[Cryptography] How the CIA Made Google
leichter at lrw.com
Sat Jan 31 19:36:36 EST 2015
On Jan 31, 2015, at 3:51 PM, Tom Mitchell <mitch at niftyegg.com> wrote:
> The reality I suspect is: Google protects its data with more care than most
> federal agencies.
Now *that's* setting a pretty low bar, based on everything we know about the security of Federal agencies. As for "most" ... one would have to believe that of all Federal agencies, the one doing the best job at protecting its digital assets would be the NSA. And yet ... Snowden and, most likely, at least one other leaker as well.
Having worked at Google at one time ... yes, they are *extremely* careful about maintaining the security of their data. I can't talk about some of the things I know they were using at the time - and (a) I certainly didn't know about all of them; (b) given the revelations of the last couple of years, I'm sure they've added much more.
It is important to keep in mind that security implements a particular policy. It's strong to the degree that it prevents violations of the policy. You may not like the way Google targets ads based on what you say in gMail, say, but providing some access to the contents of gMail by the advertising systems is part of the policy. Similarly, providing access to government agencies under certain conditions is also part of the policy - perhaps not by Google's choice, but because it's a constraint that they have to work under as a US (and EU, and various other jurisdictions) corporation. Just because you would prefer that Google have some different policies doesn't make it a security issue when they implement theirs and violate the policies you would prefer.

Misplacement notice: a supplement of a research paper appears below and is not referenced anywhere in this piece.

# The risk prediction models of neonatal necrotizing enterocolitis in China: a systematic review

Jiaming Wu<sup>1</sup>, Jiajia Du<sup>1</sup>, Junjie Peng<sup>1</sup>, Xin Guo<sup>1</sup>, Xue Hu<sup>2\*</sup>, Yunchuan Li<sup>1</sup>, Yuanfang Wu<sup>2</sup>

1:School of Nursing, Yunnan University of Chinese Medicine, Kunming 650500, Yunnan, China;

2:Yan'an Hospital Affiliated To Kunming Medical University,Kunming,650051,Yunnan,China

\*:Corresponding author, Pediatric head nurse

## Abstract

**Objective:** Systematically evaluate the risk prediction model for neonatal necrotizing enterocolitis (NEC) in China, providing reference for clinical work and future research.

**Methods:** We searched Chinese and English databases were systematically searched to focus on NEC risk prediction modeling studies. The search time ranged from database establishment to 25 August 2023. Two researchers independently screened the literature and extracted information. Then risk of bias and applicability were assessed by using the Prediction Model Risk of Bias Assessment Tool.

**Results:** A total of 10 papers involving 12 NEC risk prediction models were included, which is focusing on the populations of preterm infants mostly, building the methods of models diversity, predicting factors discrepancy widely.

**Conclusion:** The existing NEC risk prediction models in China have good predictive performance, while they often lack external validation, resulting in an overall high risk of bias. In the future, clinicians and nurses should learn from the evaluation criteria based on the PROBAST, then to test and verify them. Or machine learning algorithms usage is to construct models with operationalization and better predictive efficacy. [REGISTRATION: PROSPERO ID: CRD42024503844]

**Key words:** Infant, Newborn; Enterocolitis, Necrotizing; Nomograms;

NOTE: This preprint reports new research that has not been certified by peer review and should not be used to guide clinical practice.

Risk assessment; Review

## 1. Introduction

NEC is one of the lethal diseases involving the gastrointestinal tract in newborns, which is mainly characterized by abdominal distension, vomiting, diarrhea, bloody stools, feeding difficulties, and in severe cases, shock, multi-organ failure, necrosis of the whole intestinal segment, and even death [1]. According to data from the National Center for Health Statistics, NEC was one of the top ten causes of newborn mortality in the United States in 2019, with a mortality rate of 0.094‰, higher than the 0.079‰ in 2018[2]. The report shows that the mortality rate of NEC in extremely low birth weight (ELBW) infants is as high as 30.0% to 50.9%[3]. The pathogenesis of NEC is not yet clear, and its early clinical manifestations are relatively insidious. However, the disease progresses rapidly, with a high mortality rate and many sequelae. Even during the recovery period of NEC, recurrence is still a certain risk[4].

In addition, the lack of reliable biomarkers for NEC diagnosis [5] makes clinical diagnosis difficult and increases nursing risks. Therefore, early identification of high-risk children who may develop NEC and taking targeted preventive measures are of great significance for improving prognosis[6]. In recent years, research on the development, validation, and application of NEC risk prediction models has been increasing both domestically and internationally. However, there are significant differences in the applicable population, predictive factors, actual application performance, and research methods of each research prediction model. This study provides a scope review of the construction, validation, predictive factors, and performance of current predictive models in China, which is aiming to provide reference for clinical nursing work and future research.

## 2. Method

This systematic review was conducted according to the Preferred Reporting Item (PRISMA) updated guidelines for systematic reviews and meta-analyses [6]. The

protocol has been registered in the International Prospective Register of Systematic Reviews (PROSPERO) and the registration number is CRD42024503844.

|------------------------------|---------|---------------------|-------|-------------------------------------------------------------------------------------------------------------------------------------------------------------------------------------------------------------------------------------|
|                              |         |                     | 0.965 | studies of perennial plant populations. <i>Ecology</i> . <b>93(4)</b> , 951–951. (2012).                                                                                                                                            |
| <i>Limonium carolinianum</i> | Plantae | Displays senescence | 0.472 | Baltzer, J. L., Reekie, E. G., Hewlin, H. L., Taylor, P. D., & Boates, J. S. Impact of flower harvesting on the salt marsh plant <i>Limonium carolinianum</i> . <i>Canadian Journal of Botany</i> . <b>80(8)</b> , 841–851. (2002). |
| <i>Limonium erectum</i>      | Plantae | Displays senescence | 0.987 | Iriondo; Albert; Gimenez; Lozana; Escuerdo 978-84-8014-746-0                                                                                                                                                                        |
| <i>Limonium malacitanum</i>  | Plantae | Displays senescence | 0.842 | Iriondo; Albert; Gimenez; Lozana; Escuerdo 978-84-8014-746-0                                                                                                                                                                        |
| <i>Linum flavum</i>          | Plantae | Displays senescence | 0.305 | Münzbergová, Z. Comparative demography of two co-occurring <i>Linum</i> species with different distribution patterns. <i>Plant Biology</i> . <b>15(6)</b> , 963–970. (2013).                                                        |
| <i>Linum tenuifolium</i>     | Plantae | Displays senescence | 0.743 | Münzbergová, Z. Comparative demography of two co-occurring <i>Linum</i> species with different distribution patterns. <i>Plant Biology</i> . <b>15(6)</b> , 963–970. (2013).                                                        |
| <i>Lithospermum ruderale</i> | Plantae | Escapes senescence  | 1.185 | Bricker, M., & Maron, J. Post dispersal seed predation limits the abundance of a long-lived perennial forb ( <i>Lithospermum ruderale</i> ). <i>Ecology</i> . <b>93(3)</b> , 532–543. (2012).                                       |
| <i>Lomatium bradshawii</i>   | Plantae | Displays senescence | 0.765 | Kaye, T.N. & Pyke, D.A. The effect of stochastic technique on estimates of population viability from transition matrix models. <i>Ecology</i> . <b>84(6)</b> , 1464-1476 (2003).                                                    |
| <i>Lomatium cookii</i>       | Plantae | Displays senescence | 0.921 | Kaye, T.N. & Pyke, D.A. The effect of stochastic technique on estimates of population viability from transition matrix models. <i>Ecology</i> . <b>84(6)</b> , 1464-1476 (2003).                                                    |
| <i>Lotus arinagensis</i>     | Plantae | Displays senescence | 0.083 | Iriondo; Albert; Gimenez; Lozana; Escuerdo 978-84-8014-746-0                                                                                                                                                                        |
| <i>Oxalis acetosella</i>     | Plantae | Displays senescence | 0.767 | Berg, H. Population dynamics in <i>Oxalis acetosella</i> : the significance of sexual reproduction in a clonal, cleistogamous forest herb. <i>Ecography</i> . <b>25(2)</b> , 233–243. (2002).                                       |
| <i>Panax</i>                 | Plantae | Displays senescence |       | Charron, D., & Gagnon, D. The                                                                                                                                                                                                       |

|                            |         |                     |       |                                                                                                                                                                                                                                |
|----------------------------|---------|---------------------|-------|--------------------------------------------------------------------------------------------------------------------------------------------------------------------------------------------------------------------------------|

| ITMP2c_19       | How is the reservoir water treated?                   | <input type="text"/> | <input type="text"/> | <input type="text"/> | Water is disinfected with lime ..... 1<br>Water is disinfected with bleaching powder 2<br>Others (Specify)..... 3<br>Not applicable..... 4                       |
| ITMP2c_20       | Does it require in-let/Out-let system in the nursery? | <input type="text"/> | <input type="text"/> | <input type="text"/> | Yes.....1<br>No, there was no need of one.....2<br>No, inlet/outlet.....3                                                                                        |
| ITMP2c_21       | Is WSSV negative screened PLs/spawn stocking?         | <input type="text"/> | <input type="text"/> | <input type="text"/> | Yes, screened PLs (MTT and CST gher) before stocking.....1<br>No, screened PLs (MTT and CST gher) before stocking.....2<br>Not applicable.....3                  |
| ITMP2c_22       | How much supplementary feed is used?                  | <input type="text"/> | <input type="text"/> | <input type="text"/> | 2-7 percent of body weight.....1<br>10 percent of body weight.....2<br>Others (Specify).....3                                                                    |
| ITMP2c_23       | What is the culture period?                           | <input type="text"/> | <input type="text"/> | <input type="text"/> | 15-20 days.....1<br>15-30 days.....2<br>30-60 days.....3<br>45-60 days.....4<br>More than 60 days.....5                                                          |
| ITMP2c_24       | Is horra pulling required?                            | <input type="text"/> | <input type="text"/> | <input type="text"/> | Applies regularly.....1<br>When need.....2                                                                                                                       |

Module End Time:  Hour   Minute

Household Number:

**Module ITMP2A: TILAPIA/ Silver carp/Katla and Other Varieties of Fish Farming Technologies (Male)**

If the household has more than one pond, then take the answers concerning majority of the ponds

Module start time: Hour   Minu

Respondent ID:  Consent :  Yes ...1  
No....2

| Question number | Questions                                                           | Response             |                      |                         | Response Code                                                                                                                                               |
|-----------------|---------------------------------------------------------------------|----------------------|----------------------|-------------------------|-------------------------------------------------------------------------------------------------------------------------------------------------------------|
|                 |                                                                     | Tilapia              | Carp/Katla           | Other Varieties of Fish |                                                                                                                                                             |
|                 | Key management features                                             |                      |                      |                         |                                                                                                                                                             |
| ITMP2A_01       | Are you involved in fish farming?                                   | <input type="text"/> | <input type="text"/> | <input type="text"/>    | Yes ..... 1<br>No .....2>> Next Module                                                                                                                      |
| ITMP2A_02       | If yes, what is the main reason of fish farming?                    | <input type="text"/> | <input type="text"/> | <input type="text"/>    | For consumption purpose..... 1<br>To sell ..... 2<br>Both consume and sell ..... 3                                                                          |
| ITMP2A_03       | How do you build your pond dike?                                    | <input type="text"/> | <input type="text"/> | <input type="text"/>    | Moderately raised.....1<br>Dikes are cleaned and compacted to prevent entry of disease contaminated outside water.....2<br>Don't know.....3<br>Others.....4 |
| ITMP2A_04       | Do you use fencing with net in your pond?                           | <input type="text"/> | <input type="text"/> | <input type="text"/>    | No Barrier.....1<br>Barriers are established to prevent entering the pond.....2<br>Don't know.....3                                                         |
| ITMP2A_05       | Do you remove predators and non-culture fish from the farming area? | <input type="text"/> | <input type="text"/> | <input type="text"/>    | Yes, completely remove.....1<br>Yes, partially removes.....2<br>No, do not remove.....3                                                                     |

What Google would consider a violation of its security policies concerning gMail, for example, is that those not specifically permitted access gain it. Google was extremely upset by some Chinese hacking into its systems to get at gMail, and by NSA's listening in on inter-data-center links for the same purpose. In both cases, they responded by strengthening the appropriate security layers - e.g., encrypting all those links. Every security system has its failures. What you need to look at is how frequent are they, and what's the response.
Google's certainly not the only company with this kind of attitude. Apple seems to have "gotten religion" under Tim Cook. (Security doesn't seem to be something that much interested Steve Jobs. It's not that he was against it - he just focused on other things.) Microsoft is harder to read. On the one hand, they've put a huge effort into moving away from the insecure coding practices that plagued them - and every user of their software - for many years. On the other, they arguably took Skype and "de-secured" it. Facebook ... let's not go there. Twitter seems to take things seriously. Most smaller, rapidly-growing consumer Web companies - not so good, anything that would slow down mega-growth gets ignored.
Once you move beyond the consumer-facing companies, operations are typically very opaque to outsiders, so it's hard to comment.
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